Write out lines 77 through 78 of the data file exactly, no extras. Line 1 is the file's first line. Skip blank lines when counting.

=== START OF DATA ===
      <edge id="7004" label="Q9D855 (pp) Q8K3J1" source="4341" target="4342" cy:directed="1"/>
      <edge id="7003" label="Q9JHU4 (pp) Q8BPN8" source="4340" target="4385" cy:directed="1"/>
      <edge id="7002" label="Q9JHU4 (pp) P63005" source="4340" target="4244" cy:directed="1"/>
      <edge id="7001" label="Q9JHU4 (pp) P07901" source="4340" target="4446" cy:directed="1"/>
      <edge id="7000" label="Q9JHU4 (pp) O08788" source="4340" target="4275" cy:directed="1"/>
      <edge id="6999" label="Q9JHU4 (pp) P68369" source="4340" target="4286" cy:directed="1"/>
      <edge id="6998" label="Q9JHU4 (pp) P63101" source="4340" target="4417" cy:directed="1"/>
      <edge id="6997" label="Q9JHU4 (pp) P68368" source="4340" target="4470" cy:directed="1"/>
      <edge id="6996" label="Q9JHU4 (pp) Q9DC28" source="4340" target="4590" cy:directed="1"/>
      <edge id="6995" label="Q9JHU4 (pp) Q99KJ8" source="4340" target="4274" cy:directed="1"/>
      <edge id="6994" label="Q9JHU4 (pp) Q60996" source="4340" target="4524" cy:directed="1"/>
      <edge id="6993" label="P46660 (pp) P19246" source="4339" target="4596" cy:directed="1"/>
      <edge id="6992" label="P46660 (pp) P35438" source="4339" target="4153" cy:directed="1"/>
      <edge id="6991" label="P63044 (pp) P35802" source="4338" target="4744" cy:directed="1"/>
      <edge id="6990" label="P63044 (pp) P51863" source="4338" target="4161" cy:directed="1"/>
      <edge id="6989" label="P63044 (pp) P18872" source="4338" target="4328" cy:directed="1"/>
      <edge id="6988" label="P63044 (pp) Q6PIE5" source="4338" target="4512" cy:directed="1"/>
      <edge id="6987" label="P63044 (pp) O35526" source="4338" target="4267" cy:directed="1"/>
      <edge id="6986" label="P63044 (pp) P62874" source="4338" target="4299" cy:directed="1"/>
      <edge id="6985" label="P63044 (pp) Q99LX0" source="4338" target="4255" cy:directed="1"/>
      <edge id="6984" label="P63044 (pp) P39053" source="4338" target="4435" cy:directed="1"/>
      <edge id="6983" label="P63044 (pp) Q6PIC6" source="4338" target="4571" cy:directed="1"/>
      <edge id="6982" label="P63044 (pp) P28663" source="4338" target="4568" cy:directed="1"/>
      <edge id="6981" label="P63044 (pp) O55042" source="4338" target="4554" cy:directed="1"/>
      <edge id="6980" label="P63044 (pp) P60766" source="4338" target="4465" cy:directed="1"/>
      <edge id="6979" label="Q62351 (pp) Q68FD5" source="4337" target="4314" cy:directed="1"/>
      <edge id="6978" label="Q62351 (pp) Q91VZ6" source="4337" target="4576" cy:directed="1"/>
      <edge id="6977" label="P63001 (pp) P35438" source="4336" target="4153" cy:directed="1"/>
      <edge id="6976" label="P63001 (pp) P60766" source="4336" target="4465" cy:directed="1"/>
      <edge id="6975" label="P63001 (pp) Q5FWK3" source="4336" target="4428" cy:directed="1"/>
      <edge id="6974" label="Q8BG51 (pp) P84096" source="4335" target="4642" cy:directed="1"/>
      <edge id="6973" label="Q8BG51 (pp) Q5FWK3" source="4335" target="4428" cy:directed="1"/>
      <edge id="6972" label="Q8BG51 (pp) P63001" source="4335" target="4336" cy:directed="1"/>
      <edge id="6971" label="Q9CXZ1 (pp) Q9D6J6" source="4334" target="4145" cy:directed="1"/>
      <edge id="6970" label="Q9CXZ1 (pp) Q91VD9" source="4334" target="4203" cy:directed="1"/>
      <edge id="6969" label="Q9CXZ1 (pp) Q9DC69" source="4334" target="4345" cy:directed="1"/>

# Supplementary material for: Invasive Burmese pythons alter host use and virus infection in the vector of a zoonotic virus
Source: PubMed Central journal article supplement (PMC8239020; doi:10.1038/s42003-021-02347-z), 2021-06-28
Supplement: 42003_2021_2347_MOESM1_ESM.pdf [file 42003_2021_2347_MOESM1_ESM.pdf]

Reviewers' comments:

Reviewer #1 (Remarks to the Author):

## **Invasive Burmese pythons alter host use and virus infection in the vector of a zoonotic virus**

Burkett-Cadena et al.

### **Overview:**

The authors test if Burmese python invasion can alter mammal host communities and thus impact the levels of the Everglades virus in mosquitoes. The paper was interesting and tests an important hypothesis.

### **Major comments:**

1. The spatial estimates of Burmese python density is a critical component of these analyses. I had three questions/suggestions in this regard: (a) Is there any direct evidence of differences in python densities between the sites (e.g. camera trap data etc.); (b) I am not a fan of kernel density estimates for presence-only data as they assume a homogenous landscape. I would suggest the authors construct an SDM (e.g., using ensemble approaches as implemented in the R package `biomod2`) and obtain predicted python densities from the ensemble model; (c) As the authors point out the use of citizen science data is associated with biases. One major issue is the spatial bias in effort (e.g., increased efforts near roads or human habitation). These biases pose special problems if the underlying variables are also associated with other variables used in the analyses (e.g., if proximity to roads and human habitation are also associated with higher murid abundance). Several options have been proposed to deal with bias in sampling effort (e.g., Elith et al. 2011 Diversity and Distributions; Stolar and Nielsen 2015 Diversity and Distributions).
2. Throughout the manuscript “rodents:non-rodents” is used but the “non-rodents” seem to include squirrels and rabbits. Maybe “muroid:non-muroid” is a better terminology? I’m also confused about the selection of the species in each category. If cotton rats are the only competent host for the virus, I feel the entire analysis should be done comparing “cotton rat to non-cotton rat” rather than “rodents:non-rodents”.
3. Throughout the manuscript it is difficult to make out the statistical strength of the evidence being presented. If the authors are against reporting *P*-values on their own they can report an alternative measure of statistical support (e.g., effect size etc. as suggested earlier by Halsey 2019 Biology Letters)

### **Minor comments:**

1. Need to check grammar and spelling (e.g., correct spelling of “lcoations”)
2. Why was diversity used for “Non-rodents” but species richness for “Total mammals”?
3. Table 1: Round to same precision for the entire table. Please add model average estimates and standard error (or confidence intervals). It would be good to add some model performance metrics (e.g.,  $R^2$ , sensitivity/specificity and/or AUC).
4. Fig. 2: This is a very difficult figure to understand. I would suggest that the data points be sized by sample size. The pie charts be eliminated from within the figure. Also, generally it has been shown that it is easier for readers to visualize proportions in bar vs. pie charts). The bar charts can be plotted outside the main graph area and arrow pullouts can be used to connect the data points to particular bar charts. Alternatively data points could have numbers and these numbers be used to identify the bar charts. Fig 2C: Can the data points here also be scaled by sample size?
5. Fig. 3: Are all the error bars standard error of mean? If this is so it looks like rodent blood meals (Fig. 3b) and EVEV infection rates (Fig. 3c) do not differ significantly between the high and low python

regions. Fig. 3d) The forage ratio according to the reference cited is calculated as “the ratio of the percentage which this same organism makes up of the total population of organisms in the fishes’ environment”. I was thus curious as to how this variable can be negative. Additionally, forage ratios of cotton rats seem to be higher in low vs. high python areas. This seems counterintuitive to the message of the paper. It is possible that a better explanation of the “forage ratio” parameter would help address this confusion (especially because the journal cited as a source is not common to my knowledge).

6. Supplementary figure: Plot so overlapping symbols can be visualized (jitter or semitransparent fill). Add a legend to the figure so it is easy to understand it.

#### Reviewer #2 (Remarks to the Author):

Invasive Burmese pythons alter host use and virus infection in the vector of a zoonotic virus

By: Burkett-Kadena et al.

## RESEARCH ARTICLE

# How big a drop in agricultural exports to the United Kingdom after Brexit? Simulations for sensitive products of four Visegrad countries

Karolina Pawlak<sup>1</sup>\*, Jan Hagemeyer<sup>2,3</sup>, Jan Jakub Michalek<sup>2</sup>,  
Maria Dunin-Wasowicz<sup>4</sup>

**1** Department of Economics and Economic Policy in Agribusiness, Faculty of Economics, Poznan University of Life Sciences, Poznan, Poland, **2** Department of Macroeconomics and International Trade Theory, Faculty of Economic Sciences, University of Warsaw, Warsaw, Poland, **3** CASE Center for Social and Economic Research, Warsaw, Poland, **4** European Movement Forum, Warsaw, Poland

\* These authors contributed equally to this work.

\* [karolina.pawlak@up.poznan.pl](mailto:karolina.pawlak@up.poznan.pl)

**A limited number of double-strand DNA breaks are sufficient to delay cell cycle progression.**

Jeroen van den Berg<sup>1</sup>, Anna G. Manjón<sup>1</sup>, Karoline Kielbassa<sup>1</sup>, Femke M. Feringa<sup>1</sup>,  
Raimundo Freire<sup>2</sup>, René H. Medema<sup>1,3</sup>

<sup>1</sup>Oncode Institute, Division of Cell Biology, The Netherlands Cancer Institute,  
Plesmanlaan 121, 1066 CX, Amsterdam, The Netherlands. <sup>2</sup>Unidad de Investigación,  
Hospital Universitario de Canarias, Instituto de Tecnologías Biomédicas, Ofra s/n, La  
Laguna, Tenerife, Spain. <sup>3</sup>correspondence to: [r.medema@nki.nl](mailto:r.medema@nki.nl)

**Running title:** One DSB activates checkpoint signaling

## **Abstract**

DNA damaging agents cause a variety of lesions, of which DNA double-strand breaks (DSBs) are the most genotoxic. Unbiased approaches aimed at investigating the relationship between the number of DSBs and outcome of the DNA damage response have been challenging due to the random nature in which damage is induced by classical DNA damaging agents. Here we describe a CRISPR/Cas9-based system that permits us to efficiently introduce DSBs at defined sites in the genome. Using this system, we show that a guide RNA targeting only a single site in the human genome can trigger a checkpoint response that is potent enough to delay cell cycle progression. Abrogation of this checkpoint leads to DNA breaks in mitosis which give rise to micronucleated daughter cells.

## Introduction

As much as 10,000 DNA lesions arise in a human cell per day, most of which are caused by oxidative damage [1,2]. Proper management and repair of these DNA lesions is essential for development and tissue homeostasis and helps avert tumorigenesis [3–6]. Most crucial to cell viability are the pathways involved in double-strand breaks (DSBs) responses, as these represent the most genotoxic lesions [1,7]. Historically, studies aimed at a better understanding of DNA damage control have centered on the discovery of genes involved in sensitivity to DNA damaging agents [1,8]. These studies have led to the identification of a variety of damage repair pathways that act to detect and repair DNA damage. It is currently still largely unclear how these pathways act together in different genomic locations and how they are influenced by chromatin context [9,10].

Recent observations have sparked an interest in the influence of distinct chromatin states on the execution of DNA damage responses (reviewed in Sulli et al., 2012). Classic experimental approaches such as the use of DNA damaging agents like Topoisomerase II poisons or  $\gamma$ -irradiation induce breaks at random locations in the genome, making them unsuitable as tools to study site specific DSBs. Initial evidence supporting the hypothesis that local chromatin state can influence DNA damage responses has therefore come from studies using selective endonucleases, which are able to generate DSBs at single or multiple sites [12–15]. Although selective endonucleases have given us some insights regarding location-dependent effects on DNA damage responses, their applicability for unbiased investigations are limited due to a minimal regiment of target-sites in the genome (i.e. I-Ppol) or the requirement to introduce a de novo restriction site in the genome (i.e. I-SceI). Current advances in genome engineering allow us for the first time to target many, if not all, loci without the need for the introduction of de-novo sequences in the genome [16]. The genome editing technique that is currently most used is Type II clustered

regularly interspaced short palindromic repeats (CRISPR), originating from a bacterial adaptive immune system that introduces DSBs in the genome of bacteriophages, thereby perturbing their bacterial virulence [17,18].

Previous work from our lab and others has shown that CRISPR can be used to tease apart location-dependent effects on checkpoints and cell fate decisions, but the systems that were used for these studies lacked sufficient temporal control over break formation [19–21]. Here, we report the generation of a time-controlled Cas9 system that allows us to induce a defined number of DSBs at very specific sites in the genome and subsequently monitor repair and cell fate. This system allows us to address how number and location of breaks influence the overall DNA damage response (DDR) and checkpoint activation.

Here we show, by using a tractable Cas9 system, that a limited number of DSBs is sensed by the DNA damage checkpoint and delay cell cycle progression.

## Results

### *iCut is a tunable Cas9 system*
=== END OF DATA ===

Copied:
DNA damaging agents cause a variety of lesions, of which DNA double-strand breaks (DSBs) are the most genotoxic. Unbiased approaches aimed at investigating the relationship between the number of DSBs and outcome of the DNA damage response have been challenging due to the random nature in which damage is induced by classical DNA damaging agents. Here we describe a CRISPR/Cas9-based system that permits us to efficiently introduce DSBs at defined sites in the genome. Using this system, we show that a guide RNA targeting only a single site in the human genome can trigger a checkpoint response that is potent enough to delay cell cycle progression. Abrogation of this checkpoint leads to DNA breaks in mitosis which give rise to micronucleated daughter cells.

## Introduction